Incubators make things grow and develop quickly by providing a protected and nurturing environment. In hospitals, incubators keep babies warm. On farms, incubators help eggs hatch. At The University of Iowa, there’s an incubator that helps turn ambitious students into successful entrepreneurs.
This unique incubator, the Bedell Entrepreneurship Learning Laboratory (BELL), opened in May 2004 as a program of the UI John Pappajohn Entrepreneurial Center (JPEC). Housed in a renovated fraternity house on Clinton Street, the 10,000-square-foot BELL provides secure office space, computers and office equipment, meeting rooms, mentoring, and other programs to students who are interested in planning and launching their own businesses. The building also houses space for networking events, lectures, and other programs that are open to the entire UI community.
“Having the space helps students get rid of barriers to starting businesses,” says Lynn Jahn, JPEC assistant director, who, along with JPEC director David Hensley, mentors the student teams who are awarded space in the new facility. Jahn and Hensley not only counsel students one-on-one but also connect the students with successful entrepreneurs, potential investors, and other people and resources that enhance students’ potential for success.
Students in any major are eligible to apply to participate in the laboratory, though one member of each student team must be enrolled in an entrepreneurship class. Iowa’s Tippie College of Business is known for its entrepreneurship program—The Princeton Review and Forbes.com have ranked Iowa among the top 25 entrepreneurial universities. Students enrolled in the entrepreneurship certificate program (or those who just take a few courses) have ample opportunities to learn about the pluses and minuses of starting a new business venture.
“People are wanting to have more control over their lives,” Jahn says, explaining the growing interest in entrepreneurship at Iowa. “It’s about encouraging exploration—finding that thing that you love and finding out if you can make a go of it as a business. But we also have to educate them about the flip side of being an entrepreneur, about the risks. We try to get students focused on thinking bigger than just creating jobs for themselves—we want them to think about creating equity and creating jobs for others.”
One team of students currently using the laboratory to launch their business venture intend to not only create equity and jobs, but to improve health care.
The Ergo Ingenieur group, comprised of undergraduate students Joel Anderson, Brad Bartels, Justin Glasgow, Samuel Hartman, Samantha Lane, and Jonathan Thompson, is one of several BELL teams from the College of Engineering.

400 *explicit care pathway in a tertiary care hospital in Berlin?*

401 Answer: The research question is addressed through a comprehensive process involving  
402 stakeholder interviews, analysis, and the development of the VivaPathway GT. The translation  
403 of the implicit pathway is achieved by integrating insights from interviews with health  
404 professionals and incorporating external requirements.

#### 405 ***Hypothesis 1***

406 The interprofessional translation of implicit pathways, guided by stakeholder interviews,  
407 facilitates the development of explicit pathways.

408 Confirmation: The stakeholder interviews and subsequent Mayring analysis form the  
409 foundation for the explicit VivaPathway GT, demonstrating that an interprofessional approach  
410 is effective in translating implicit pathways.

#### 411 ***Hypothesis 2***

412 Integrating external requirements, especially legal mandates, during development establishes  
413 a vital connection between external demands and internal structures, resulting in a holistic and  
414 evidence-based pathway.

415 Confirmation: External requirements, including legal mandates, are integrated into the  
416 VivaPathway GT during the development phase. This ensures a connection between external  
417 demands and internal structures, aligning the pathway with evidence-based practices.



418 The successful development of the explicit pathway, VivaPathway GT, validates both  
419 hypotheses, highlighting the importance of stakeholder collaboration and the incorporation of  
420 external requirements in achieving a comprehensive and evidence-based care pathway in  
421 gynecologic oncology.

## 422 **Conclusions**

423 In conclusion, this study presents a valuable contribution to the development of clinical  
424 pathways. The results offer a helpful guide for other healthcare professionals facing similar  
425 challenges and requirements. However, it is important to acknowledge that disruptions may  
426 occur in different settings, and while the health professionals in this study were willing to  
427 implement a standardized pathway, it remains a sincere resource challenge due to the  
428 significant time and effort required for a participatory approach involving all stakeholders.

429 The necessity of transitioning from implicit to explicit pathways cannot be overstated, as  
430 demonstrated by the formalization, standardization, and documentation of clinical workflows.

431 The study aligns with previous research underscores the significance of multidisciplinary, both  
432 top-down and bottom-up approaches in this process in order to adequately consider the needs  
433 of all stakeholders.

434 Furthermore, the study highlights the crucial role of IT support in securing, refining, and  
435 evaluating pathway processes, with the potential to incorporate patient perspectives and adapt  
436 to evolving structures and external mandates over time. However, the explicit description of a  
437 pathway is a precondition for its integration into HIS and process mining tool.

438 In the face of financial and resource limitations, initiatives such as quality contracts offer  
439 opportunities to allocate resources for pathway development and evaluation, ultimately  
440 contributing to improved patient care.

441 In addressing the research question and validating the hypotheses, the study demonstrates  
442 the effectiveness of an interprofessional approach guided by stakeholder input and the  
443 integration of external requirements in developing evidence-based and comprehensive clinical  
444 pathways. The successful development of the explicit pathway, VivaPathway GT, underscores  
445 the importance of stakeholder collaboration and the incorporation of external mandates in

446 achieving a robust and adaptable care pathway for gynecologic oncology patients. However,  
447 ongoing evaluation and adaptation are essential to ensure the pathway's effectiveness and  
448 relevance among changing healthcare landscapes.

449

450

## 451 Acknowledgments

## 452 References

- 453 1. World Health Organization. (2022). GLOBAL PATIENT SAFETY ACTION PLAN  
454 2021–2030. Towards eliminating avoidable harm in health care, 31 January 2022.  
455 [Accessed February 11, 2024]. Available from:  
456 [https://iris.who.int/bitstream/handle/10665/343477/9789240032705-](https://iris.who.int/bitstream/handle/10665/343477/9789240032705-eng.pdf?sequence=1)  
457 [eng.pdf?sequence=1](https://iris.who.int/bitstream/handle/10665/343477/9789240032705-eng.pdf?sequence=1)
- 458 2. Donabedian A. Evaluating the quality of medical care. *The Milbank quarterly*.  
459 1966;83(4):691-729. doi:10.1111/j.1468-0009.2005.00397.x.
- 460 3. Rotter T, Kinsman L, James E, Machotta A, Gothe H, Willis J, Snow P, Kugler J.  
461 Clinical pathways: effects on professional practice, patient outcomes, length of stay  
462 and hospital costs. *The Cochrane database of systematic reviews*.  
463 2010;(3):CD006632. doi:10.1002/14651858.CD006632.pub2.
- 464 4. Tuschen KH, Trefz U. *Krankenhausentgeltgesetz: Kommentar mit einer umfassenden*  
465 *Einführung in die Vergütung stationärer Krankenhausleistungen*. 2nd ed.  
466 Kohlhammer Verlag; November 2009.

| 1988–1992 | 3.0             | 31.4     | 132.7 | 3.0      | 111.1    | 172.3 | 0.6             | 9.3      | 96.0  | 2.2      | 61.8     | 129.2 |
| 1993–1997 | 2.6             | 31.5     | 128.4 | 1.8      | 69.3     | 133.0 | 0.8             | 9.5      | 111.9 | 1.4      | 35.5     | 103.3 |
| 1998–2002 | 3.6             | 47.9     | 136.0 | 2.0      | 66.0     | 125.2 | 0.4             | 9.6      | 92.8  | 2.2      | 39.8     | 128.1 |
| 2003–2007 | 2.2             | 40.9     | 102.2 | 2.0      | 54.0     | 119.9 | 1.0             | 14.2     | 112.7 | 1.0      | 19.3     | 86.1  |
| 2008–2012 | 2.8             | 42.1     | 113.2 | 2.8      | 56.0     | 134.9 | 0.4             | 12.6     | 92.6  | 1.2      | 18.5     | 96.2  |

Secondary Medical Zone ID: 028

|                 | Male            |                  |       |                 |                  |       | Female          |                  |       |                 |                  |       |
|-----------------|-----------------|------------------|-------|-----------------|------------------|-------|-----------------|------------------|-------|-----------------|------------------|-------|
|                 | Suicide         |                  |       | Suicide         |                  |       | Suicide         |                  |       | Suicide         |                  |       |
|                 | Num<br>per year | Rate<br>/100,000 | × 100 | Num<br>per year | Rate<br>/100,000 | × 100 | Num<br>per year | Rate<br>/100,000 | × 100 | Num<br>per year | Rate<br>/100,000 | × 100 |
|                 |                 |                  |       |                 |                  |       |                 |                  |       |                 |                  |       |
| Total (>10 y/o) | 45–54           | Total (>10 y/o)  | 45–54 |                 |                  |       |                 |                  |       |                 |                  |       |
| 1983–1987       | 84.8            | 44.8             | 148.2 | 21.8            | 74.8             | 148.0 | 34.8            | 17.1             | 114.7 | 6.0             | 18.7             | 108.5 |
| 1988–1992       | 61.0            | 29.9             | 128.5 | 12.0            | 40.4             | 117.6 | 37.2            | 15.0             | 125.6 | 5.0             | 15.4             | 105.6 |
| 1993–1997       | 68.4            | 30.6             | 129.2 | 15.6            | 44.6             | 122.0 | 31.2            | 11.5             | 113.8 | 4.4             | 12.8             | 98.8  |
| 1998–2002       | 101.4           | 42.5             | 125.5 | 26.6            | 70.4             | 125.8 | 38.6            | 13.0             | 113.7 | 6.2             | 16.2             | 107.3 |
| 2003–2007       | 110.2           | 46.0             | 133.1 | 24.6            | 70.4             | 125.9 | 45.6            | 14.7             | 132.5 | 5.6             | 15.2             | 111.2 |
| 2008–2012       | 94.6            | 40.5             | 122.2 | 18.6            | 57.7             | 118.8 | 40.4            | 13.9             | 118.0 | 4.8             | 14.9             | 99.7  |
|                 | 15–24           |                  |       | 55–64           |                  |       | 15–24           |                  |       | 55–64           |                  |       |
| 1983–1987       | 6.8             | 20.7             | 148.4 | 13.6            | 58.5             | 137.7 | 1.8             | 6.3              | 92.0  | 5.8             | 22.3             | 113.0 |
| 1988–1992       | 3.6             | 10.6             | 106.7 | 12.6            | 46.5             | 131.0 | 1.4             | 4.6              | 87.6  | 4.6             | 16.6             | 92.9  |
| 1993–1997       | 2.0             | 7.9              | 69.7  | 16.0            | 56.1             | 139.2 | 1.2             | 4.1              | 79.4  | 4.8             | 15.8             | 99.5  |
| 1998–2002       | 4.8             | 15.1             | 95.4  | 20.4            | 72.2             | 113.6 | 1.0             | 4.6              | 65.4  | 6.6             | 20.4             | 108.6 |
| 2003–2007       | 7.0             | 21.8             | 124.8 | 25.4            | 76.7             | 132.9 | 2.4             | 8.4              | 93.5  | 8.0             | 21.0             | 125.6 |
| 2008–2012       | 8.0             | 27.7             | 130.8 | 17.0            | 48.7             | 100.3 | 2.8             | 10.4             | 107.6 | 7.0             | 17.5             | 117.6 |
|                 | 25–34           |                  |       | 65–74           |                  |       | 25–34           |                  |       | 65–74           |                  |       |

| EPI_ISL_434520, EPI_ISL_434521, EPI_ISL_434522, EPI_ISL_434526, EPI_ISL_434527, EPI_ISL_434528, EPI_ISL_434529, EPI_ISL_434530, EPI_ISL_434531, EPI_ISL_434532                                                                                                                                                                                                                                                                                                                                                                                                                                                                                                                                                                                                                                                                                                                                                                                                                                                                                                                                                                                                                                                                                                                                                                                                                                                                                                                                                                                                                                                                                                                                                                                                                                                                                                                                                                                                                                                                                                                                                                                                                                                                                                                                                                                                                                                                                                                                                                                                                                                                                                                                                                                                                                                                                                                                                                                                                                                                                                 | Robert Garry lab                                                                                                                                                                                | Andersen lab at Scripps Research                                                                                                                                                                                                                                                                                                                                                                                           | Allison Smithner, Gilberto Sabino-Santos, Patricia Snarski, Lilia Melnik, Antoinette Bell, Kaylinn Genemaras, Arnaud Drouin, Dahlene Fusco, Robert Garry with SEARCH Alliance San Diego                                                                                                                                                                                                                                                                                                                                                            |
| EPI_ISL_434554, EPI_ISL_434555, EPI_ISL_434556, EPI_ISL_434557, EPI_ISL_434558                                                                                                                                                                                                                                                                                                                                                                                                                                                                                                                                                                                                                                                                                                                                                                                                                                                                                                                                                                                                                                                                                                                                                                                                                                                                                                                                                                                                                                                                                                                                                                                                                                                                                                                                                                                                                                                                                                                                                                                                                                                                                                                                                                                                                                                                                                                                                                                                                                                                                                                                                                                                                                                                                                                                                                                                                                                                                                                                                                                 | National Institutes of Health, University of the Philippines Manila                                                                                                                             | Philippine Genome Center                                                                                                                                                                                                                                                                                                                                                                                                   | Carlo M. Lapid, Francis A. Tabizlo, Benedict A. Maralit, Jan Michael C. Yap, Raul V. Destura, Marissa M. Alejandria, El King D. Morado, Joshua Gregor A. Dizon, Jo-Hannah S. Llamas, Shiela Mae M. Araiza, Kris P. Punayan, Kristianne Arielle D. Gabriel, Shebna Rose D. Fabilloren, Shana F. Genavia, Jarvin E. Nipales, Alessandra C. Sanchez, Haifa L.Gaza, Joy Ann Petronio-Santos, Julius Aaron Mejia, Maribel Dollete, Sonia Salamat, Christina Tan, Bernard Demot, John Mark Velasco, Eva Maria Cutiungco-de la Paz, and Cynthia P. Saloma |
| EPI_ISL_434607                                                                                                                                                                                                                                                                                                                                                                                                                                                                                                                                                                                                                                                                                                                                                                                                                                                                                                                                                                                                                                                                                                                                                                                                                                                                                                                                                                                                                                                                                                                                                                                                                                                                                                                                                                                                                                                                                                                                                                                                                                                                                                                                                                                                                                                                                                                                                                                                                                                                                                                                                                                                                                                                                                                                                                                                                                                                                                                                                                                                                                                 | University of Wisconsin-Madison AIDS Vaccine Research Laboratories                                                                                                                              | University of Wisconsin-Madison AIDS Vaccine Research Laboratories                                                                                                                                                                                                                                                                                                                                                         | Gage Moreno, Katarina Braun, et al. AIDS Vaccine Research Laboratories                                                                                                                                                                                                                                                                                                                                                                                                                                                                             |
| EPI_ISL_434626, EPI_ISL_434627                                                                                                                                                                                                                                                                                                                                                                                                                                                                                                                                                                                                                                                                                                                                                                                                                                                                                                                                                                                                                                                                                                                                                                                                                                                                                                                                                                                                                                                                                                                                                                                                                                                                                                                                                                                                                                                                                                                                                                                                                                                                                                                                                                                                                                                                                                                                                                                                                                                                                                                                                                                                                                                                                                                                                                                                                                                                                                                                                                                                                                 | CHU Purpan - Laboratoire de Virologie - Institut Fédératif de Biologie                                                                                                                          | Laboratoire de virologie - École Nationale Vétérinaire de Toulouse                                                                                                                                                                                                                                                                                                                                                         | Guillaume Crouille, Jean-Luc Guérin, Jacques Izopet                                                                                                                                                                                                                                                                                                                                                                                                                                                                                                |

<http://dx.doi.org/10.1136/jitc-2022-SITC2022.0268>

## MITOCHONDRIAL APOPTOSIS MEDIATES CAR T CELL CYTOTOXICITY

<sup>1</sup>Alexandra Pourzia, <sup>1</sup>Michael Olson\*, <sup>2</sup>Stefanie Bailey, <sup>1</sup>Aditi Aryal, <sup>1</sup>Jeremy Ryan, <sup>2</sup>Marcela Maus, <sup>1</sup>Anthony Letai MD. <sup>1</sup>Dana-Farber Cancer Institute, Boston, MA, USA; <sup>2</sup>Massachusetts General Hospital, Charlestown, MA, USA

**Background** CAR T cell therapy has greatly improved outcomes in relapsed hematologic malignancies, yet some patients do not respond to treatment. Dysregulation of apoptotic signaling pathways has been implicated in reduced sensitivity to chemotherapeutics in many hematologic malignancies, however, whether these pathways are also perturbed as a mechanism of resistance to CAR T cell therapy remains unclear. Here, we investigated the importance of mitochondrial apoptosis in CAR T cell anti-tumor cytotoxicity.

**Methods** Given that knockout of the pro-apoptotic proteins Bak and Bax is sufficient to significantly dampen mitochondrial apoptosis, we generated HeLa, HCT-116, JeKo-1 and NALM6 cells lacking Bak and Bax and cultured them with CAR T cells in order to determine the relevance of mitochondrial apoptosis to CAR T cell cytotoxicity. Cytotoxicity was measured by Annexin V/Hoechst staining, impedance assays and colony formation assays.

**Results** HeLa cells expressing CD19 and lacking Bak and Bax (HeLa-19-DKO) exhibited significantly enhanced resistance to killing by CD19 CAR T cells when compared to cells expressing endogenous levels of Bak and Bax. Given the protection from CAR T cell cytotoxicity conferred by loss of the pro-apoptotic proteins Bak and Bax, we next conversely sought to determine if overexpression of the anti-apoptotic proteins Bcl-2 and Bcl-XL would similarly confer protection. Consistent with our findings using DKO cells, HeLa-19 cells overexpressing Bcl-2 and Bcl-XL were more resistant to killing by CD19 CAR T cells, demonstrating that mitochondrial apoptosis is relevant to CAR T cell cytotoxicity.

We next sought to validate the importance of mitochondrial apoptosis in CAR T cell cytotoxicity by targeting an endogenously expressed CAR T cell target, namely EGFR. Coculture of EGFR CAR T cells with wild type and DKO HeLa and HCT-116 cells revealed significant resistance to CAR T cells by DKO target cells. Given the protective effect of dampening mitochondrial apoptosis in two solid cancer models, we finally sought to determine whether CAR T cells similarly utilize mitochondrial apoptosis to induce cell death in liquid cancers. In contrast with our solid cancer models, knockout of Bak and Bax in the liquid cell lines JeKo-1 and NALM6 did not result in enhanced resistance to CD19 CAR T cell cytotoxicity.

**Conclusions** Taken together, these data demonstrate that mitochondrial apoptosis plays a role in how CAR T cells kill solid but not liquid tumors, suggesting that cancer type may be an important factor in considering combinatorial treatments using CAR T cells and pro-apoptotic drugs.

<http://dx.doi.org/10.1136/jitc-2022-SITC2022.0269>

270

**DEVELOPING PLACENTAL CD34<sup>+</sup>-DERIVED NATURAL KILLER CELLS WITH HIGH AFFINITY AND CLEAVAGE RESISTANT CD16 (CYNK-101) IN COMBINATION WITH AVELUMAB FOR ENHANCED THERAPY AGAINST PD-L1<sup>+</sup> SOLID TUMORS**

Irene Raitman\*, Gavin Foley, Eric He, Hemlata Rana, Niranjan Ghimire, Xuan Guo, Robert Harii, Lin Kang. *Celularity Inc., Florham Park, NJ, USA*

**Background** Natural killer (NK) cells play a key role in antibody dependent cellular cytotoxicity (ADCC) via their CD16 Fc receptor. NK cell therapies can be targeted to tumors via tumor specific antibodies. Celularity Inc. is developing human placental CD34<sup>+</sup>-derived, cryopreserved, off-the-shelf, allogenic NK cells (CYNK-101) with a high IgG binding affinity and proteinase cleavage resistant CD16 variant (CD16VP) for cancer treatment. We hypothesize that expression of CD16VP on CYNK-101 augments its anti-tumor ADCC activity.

The venture began as a project in a biomechanical design class, during which this group of biomedical engineering majors discovered that the slit lamp used by optometrists and ophthalmologists—the contraption patients rest their chin on while the doctor uses various lights and instruments to examine the eyes—isn’t ergonomically friendly. The model currently used in hospitals and clinics all over the country can’t be adjusted according to the doctor or patient’s physical stature, potentially compromising safety or comfort of care. Encouraged by engineering professors and UI Hospitals and Clinics physicians who saw their initial plans and thought there was a market for their new product, the team sought out the BELL resources.
“Being engineers, none of us knew much about business,” Glasgow says. Professors advised the students to protect their intellectual property and seek a patent, and the team’s meetings with Jahn have helped them learn how to go about that process, as well as how to write a business plan and set goals. Jahn and the JPEC team also can help BELL students find investors to get projects off the ground.
“Capital is our limiting resource,” Glasgow says. “As we secure funds, we can make progress.”
For Glasgow and Thompson, pursuing a business venture that could have a real impact on human health is a natural extension of their life-long ambitions to be physicians.
“It could really help patients and doctors by preventing injury,” Glasgow says.
Other student groups using the BELL facility have ranged from real estate development ventures to a company that makes videos of international motocross races. Students’ imaginations and passions are the only limits on what else could hatch in the BELL incubator.
For more information about the Bedell Entrepreneurship Learning Laboratory and other entrepreneurship programs offered through JPEC, visit www.iowajpec.org or call (319) 335-1022.
by Anne Remington